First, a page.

Salina, Aeolian Islands
Fishermen's sheds dug into the rock in Pollara beach, Salina, Aeolian Islands, Sicily, Italy. Editorial credit: Marco Crupi /

At 16.65 square miles, Salina is the second-largest, but the greenest of all Aeolian islands. It has centuries-old olive groves, several vineyards, ferns, numerous caper bushes, and poplar and chestnut trees, so it is no wonder visitors looking at it from a distance think it is entirely green.

Salina is home to six volcanoes, the largest peak being Monte Fossa delle Felci at 3,176 ft. However, the last eruption took place 13,000 years ago. Salina was also the first Aeolian island to protect its environment with a natural preserve. Visitors come to the island for its natural beauty, delicious local cuisine, historical sites, and annual caper festival in July.


people having a mud and sulfur bath on the volcanic island.
People having a mud and sulfur bath on the volcanic island of Vulcano in Sicily. Editorial credit: Diego Fiore /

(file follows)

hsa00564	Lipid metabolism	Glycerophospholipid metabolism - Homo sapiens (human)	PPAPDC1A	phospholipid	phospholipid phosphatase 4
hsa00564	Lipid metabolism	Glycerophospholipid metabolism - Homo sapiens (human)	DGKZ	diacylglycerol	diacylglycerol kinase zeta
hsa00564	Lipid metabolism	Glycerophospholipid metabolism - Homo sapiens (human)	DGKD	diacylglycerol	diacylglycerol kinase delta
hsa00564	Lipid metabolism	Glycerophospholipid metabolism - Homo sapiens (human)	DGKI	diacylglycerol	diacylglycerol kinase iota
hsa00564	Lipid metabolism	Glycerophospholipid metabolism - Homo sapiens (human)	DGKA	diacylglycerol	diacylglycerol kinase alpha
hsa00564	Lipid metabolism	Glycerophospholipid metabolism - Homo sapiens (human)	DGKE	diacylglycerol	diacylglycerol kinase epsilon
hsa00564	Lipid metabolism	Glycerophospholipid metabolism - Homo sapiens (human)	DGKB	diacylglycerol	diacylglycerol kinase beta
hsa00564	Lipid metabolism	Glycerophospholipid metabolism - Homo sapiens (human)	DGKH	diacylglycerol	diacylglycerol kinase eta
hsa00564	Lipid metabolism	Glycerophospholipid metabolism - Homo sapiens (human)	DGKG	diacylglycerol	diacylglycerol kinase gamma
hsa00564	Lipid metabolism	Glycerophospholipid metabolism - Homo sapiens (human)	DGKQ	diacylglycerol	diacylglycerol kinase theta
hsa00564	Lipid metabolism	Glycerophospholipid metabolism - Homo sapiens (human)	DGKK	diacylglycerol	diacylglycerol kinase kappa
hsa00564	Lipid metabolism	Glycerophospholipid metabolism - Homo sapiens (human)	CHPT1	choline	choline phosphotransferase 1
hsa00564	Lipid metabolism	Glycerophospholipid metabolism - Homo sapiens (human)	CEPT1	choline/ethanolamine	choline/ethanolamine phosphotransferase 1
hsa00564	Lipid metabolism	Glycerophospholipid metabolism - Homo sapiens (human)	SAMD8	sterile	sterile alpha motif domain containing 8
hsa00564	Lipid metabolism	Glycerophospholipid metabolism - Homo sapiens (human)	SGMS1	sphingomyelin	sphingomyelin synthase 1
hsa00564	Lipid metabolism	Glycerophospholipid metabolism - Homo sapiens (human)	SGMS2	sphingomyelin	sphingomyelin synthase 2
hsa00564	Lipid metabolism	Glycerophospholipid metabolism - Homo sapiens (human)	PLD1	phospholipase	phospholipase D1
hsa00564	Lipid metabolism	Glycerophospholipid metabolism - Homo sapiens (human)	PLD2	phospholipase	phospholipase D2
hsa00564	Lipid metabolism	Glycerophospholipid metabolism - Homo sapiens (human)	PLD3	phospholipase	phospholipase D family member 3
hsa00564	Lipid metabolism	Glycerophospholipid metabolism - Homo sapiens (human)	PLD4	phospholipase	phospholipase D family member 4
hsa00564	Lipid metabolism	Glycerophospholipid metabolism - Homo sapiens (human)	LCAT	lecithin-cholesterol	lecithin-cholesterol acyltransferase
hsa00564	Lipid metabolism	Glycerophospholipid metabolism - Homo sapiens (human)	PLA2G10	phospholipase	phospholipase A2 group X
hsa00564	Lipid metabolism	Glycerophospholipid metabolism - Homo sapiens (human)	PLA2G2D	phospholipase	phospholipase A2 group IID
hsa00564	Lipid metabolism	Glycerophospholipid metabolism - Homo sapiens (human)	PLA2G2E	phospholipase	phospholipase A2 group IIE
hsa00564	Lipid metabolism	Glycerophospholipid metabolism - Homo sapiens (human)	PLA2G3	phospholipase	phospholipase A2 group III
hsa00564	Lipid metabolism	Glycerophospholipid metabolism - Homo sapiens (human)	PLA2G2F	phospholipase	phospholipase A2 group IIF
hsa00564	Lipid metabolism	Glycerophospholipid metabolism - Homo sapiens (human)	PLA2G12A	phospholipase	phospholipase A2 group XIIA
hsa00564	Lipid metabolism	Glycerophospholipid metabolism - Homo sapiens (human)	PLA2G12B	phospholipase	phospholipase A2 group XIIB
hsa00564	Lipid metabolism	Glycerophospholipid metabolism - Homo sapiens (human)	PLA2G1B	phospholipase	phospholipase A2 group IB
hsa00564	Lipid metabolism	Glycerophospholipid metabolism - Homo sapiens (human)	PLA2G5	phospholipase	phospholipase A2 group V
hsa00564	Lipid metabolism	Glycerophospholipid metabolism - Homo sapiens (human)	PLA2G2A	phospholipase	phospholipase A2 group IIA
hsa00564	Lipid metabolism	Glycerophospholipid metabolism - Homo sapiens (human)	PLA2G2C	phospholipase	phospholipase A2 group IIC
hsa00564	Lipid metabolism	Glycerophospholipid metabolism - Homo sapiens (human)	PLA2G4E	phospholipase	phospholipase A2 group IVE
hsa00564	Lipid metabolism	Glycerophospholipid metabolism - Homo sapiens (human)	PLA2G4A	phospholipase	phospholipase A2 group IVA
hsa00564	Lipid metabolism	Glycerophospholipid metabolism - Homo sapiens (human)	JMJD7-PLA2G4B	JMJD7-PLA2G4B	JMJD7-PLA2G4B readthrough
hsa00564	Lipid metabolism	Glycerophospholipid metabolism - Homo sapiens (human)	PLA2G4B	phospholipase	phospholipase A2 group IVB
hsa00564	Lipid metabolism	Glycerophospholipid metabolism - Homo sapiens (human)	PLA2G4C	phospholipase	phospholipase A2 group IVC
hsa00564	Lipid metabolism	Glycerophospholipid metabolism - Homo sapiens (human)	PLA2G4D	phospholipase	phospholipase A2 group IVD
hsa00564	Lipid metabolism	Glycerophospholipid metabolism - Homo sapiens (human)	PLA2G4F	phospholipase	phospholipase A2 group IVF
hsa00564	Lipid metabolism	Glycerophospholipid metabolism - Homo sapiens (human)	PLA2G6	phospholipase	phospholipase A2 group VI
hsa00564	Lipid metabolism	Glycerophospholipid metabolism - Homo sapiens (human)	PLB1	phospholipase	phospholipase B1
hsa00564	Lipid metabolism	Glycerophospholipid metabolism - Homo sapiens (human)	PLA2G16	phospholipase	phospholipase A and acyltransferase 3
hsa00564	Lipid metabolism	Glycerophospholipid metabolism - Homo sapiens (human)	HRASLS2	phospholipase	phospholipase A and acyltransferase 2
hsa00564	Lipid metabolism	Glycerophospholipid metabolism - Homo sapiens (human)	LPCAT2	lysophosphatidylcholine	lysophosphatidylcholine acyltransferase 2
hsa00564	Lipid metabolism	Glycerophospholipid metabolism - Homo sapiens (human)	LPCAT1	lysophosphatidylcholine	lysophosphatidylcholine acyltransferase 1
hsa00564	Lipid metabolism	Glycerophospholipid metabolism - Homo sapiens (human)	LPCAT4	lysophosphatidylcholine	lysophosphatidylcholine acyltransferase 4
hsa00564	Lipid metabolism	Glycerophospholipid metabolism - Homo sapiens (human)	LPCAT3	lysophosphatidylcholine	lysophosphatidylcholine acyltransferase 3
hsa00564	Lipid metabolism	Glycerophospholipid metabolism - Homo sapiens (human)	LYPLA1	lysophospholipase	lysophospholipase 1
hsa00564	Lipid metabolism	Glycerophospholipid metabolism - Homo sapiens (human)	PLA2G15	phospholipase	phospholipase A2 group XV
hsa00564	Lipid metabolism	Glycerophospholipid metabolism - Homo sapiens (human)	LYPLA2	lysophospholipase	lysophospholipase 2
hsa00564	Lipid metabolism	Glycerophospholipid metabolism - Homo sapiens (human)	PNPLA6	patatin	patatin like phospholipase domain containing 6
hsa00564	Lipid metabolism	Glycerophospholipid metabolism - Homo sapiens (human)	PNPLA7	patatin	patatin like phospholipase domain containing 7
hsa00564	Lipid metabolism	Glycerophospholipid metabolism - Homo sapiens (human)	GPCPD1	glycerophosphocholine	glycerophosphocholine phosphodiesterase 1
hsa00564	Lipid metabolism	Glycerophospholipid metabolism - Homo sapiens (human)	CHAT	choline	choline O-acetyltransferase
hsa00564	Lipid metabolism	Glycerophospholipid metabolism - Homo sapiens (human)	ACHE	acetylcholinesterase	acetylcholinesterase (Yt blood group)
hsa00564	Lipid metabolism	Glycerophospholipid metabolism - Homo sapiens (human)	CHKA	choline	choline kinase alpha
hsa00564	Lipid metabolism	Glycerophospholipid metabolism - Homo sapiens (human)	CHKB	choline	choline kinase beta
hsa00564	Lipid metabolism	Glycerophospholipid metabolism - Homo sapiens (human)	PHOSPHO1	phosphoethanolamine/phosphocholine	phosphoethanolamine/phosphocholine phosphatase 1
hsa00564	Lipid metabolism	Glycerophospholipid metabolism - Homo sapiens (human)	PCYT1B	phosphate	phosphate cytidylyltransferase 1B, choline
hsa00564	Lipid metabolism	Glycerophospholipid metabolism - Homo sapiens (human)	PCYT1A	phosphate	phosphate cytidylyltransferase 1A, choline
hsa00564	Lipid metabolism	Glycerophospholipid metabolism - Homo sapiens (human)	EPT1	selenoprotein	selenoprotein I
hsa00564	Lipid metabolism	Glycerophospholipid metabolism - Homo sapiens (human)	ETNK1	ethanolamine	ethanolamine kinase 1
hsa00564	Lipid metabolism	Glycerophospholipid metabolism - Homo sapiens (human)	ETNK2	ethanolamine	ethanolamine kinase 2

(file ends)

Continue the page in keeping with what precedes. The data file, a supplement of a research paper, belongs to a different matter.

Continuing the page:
Known as Vulcan's (the Roman God of Fire) workshop's chimney, Vulcano is the third-largest Aeolian island with an area of 8 square miles. It rises to 1,644 ft above sea level, houses several volcanic calderas, and is one of Italy's four active volcanoes that are not submarine. The last volcanic activity happened between 1888-1890, though, so the island has been quiet since then. A spectacular view awaits visitors ready to hike to the island's crater, as all the islands are visible from there. Soaking in the thermal waters of the island's mud baths is also a prime attraction for tourists.


Stromboli, Italy
Hikers walking on Stromboli volcano, Aeolian Islands, Sicily, Italy. Editorial credit: Marco Crupi /

Stromboli houses Mount Stromboli, another of Italy's four active volcanoes and one of the world's most active volcanoes, spewing lava consistently for almost 2,500 years. It is also called the "lighthouse of the Mediterranean" as it emanates a continuous red glow. The island's population used to be 5000 in the early 1900s, but it dwindled to a few hundred after a violent eruption in 1930. Many visitors come here for the four-hour trek to the volcano's summit to watch the lava fireworks at twilight. In the summer of 2019, however, there was a serious eruption, after which the volcano's upper half was closed to visitors. 


Filicudi island
Filicudi Island as visible from a mountain.